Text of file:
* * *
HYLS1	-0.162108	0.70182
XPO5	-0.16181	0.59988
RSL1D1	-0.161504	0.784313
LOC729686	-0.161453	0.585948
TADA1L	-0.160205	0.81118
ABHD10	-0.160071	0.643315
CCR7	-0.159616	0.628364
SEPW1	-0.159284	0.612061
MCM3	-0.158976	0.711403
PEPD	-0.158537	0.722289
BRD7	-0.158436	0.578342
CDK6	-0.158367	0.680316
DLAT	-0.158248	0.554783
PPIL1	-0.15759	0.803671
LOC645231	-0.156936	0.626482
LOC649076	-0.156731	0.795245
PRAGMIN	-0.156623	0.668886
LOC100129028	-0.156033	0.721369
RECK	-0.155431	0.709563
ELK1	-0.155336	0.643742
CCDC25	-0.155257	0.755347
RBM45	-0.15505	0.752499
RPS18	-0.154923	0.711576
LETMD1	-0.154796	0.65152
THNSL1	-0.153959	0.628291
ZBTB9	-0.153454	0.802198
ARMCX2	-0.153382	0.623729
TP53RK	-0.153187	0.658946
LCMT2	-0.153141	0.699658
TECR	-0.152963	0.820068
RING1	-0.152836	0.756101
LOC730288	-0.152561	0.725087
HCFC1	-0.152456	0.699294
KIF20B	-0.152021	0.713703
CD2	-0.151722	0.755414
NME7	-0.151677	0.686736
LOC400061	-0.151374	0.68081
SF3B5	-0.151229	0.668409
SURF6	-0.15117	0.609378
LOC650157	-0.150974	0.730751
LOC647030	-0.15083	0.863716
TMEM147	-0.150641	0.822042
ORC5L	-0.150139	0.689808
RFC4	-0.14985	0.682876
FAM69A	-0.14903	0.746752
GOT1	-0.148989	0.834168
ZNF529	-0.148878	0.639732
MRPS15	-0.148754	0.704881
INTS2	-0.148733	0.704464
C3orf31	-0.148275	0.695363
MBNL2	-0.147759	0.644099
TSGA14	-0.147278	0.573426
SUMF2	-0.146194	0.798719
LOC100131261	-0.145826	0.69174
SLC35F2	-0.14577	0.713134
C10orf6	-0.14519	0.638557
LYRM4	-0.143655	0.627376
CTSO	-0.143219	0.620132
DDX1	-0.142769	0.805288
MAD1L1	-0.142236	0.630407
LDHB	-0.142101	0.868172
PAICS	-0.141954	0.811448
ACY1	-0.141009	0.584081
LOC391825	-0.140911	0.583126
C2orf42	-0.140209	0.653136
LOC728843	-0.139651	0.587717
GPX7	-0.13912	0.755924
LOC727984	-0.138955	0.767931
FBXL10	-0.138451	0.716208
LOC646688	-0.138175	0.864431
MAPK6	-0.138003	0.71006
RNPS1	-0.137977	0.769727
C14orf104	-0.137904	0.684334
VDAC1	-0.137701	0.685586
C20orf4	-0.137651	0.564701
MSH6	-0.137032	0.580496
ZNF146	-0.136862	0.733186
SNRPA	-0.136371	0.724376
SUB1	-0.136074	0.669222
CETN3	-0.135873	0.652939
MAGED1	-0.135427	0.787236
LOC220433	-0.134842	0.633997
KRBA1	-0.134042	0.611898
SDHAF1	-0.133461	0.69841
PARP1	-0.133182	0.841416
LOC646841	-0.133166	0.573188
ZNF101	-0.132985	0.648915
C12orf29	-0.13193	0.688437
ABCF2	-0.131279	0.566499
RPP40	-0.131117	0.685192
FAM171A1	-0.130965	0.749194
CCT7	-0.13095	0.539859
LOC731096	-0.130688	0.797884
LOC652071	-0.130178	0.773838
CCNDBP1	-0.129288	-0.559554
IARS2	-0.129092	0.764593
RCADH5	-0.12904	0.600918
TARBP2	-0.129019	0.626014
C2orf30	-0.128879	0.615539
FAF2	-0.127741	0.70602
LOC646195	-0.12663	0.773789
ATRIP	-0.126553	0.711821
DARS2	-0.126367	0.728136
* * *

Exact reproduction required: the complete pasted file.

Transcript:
HYLS1	-0.162108	0.70182
XPO5	-0.16181	0.59988
RSL1D1	-0.161504	0.784313
LOC729686	-0.161453	0.585948
TADA1L	-0.160205	0.81118
ABHD10	-0.160071	0.643315
CCR7	-0.159616	0.628364
SEPW1	-0.159284	0.612061
MCM3	-0.158976	0.711403
PEPD	-0.158537	0.722289
BRD7	-0.158436	0.578342
CDK6	-0.158367	0.680316
DLAT	-0.158248	0.554783
PPIL1	-0.15759	0.803671
LOC645231	-0.156936	0.626482
LOC649076	-0.156731	0.795245
PRAGMIN	-0.156623	0.668886
LOC100129028	-0.156033	0.721369
RECK	-0.155431	0.709563
ELK1	-0.155336	0.643742
CCDC25	-0.155257	0.755347
RBM45	-0.15505	0.752499
RPS18	-0.154923	0.711576
LETMD1	-0.154796	0.65152
THNSL1	-0.153959	0.628291
ZBTB9	-0.153454	0.802198
ARMCX2	-0.153382	0.623729
TP53RK	-0.153187	0.658946
LCMT2	-0.153141	0.699658
TECR	-0.152963	0.820068
RING1	-0.152836	0.756101
LOC730288	-0.152561	0.725087
HCFC1	-0.152456	0.699294
KIF20B	-0.152021	0.713703
CD2	-0.151722	0.755414
NME7	-0.151677	0.686736
LOC400061	-0.151374	0.68081
SF3B5	-0.151229	0.668409
SURF6	-0.15117	0.609378
LOC650157	-0.150974	0.730751
LOC647030	-0.15083	0.863716
TMEM147	-0.150641	0.822042
ORC5L	-0.150139	0.689808
RFC4	-0.14985	0.682876
FAM69A	-0.14903	0.746752
GOT1	-0.148989	0.834168
ZNF529	-0.148878	0.639732
MRPS15	-0.148754	0.704881
INTS2	-0.148733	0.704464
C3orf31	-0.148275	0.695363
MBNL2	-0.147759	0.644099
TSGA14	-0.147278	0.573426
SUMF2	-0.146194	0.798719
LOC100131261	-0.145826	0.69174
SLC35F2	-0.14577	0.713134
C10orf6	-0.14519	0.638557
LYRM4	-0.143655	0.627376
CTSO	-0.143219	0.620132
DDX1	-0.142769	0.805288
MAD1L1	-0.142236	0.630407
LDHB	-0.142101	0.868172
PAICS	-0.141954	0.811448
ACY1	-0.141009	0.584081
LOC391825	-0.140911	0.583126
C2orf42	-0.140209	0.653136
LOC728843	-0.139651	0.587717
GPX7	-0.13912	0.755924
LOC727984	-0.138955	0.767931
FBXL10	-0.138451	0.716208
LOC646688	-0.138175	0.864431
MAPK6	-0.138003	0.71006
RNPS1	-0.137977	0.769727
C14orf104	-0.137904	0.684334
VDAC1	-0.137701	0.685586
C20orf4	-0.137651	0.564701
MSH6	-0.137032	0.580496
ZNF146	-0.136862	0.733186
SNRPA	-0.136371	0.724376
SUB1	-0.136074	0.669222
CETN3	-0.135873	0.652939
MAGED1	-0.135427	0.787236
LOC220433	-0.134842	0.633997
KRBA1	-0.134042	0.611898
SDHAF1	-0.133461	0.69841
PARP1	-0.133182	0.841416
LOC646841	-0.133166	0.573188
ZNF101	-0.132985	0.648915
C12orf29	-0.13193	0.688437
ABCF2	-0.131279	0.566499
RPP40	-0.131117	0.685192
FAM171A1	-0.130965	0.749194
CCT7	-0.13095	0.539859
LOC731096	-0.130688	0.797884
LOC652071	-0.130178	0.773838
CCNDBP1	-0.129288	-0.559554
IARS2	-0.129092	0.764593
RCADH5	-0.12904	0.600918
TARBP2	-0.129019	0.626014
C2orf30	-0.128879	0.615539
FAF2	-0.127741	0.70602
LOC646195	-0.12663	0.773789
ATRIP	-0.126553	0.711821
DARS2	-0.126367	0.728136